Landlords score in Manhattan House and Sheffield57 cases

TRD New York /
Dec.December 03, 2008 09:56 AM

In a major victory for residential landlords, a New York State appeals court late last month overturned two controversial rulings that prevented the eviction of market-rate tenants at Manhattan House and Sheffield57, two of the biggest condominium conversions in the city’s history.

In March 2007, Housing Court Judge David Cohen blocked Sheffield57 sponsor Kent Swig from evicting 23 market-rate tenants and later that year hindered Manhattan House’s sponsors, O’Connor Capital Partners, from evicting 29 tenants.

In his decisions, Cohen said that the intent of New York State’s 1982 Martin Act was to protect all tenants from losing their homes in case of condo or co-operative conversions.

However, the three-judge panel argued in the November decision that since the leases had expired prior to the state Attorney General accepting the “red herring” plan, which outlines the specifics of the conversion, the Martin Act does not protect them.

“Where the tenant holds over after the expiration of the lease term, the landlord is not required to allege or prove any basis for eviction other than the expiration of the lease,” the court wrote in the Manhattan House case.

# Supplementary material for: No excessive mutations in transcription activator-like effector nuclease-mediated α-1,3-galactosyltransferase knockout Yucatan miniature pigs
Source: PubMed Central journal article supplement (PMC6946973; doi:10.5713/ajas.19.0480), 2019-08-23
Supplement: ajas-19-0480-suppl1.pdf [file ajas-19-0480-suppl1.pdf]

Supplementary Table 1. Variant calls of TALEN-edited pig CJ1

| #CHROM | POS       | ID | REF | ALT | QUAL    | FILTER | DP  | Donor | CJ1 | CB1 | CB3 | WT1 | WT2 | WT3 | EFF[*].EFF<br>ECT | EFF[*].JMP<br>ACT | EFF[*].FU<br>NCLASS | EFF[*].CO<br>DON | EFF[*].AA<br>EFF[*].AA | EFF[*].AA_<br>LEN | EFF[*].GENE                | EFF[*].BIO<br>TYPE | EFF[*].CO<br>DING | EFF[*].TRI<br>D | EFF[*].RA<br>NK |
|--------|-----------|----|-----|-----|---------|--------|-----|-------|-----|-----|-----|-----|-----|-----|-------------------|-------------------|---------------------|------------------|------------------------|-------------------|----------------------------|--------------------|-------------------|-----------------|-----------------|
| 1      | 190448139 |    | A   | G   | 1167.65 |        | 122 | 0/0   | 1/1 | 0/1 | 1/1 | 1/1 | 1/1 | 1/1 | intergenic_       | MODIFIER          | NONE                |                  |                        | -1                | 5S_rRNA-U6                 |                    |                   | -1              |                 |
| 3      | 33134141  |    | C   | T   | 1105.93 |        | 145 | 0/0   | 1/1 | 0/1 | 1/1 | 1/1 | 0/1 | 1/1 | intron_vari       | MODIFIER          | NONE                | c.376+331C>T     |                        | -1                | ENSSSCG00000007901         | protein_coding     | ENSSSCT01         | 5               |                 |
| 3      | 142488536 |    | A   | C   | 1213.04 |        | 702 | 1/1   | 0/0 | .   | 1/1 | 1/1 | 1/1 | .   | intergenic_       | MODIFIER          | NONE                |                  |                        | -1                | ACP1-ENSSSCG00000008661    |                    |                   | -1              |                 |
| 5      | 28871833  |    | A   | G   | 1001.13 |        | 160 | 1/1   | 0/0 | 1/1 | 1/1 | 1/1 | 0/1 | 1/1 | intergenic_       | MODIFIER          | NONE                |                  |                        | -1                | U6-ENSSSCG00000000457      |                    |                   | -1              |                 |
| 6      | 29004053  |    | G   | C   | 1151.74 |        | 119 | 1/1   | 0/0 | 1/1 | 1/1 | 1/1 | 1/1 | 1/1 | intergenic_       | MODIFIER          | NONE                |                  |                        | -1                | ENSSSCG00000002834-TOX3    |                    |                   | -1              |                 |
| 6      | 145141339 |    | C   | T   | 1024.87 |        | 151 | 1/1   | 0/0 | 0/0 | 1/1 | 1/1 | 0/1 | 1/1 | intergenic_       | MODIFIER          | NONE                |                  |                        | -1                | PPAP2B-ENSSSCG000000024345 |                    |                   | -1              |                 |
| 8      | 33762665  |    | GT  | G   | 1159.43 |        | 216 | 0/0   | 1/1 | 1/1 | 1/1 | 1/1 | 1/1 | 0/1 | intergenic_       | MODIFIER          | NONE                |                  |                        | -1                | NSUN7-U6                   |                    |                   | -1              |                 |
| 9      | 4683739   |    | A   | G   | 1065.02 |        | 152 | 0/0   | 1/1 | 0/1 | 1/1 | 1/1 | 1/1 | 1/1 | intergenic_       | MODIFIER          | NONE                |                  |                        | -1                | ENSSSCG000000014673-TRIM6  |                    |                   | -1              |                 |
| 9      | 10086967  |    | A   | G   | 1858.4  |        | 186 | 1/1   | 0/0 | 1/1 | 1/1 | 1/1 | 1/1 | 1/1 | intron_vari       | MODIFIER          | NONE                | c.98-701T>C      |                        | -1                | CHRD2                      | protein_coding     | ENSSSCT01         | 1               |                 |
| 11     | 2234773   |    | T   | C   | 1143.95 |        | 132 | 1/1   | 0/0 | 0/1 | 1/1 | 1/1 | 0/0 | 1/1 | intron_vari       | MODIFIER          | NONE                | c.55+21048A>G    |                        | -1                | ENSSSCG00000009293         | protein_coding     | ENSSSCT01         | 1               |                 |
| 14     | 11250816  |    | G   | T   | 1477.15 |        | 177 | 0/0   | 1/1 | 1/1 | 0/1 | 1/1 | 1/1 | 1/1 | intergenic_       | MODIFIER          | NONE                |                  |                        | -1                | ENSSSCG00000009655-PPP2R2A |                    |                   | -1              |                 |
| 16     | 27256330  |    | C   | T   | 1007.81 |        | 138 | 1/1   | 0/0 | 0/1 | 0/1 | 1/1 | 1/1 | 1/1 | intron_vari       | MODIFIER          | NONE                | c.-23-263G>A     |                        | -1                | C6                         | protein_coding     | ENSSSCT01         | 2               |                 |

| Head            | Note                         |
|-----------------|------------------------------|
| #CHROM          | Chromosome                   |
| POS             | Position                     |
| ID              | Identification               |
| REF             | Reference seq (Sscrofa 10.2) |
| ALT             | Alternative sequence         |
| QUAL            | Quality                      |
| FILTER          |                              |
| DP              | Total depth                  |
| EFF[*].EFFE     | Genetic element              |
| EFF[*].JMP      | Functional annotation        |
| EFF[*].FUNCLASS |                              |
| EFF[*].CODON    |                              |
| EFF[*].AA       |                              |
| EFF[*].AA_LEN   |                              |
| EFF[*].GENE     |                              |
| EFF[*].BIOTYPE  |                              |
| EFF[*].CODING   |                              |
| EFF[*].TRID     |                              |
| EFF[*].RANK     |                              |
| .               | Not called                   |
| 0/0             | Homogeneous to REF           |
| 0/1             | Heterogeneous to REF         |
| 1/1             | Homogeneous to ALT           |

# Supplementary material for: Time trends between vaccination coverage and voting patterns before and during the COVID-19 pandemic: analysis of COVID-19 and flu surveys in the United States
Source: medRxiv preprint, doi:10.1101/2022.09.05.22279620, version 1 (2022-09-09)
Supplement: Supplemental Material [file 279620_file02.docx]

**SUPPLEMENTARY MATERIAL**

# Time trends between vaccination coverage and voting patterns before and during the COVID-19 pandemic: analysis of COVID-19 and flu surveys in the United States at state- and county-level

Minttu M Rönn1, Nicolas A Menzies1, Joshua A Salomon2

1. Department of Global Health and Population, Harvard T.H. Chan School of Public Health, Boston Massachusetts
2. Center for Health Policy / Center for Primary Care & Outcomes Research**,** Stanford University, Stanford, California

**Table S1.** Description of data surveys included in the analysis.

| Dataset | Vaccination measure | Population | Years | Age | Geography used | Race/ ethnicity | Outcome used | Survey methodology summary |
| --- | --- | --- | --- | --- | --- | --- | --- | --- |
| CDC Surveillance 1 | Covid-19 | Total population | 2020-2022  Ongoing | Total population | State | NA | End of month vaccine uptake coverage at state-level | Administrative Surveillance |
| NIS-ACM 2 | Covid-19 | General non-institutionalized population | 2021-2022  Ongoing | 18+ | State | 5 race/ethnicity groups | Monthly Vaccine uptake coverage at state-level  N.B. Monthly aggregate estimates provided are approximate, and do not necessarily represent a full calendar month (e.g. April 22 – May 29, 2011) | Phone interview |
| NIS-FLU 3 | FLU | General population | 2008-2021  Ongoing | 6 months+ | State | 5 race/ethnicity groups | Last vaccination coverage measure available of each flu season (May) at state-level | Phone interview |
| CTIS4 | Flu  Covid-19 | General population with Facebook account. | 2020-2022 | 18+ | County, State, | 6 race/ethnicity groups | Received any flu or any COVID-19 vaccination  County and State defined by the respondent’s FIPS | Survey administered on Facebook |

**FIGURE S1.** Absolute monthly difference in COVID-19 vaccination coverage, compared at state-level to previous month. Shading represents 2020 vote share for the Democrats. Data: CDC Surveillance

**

In 2005, a partnership led by Swig Equities acquired the Sheffield, which later changed to Sheffield57, at 322 West 57th Street, then an 845-unit rental building, for $418 million. That same year, O’Connor Capital Partners teamed up with developer Richard Kalikow to buy the 583-unit Manhattan House, at 200 East 66th Street, for $623 million, a U.S. record price for a single residential building. In late 2007, O’Connor bought out Kalikow after a lengthy court battle.

In each case, the sponsors sought the eviction of all market-rate tenants so they could convert the non-regulated rental apartments into condo units. The Manhattan House conversion is valued at $1.1 billion, making it one of the most expensive condominium conversions in U.S. history.  

Lawyers for the tenants still maintain that market-rate tenants should be protected under the Martin Act.

“I think Judge Cohen’s decision — the decision that they reversed — was consistent with the legislative intent and consistent with good case law,” said attorney Kevin McConnell, who represents Manhattan House, as well as tenants at Sheffield57.  

“I virulently believe these tenants deserve protection from eviction,” he said.

At the time of the March 2007 Sheffield ruling, more than 7,000 rental apartments at 60 buildings were being converted in the city. Many of those conversions have slowed down or stopped, as the credit markets have made it difficult for apartment buyers to get financing.

McConnell said tenants at Manhattan House are deciding whether to appeal. He added that he could not comment on behalf of his Sheffield57 clients, because he had not discussed the case with them at press time.

Manhattan House and Sheffield57 officials were not immediately available for comment.

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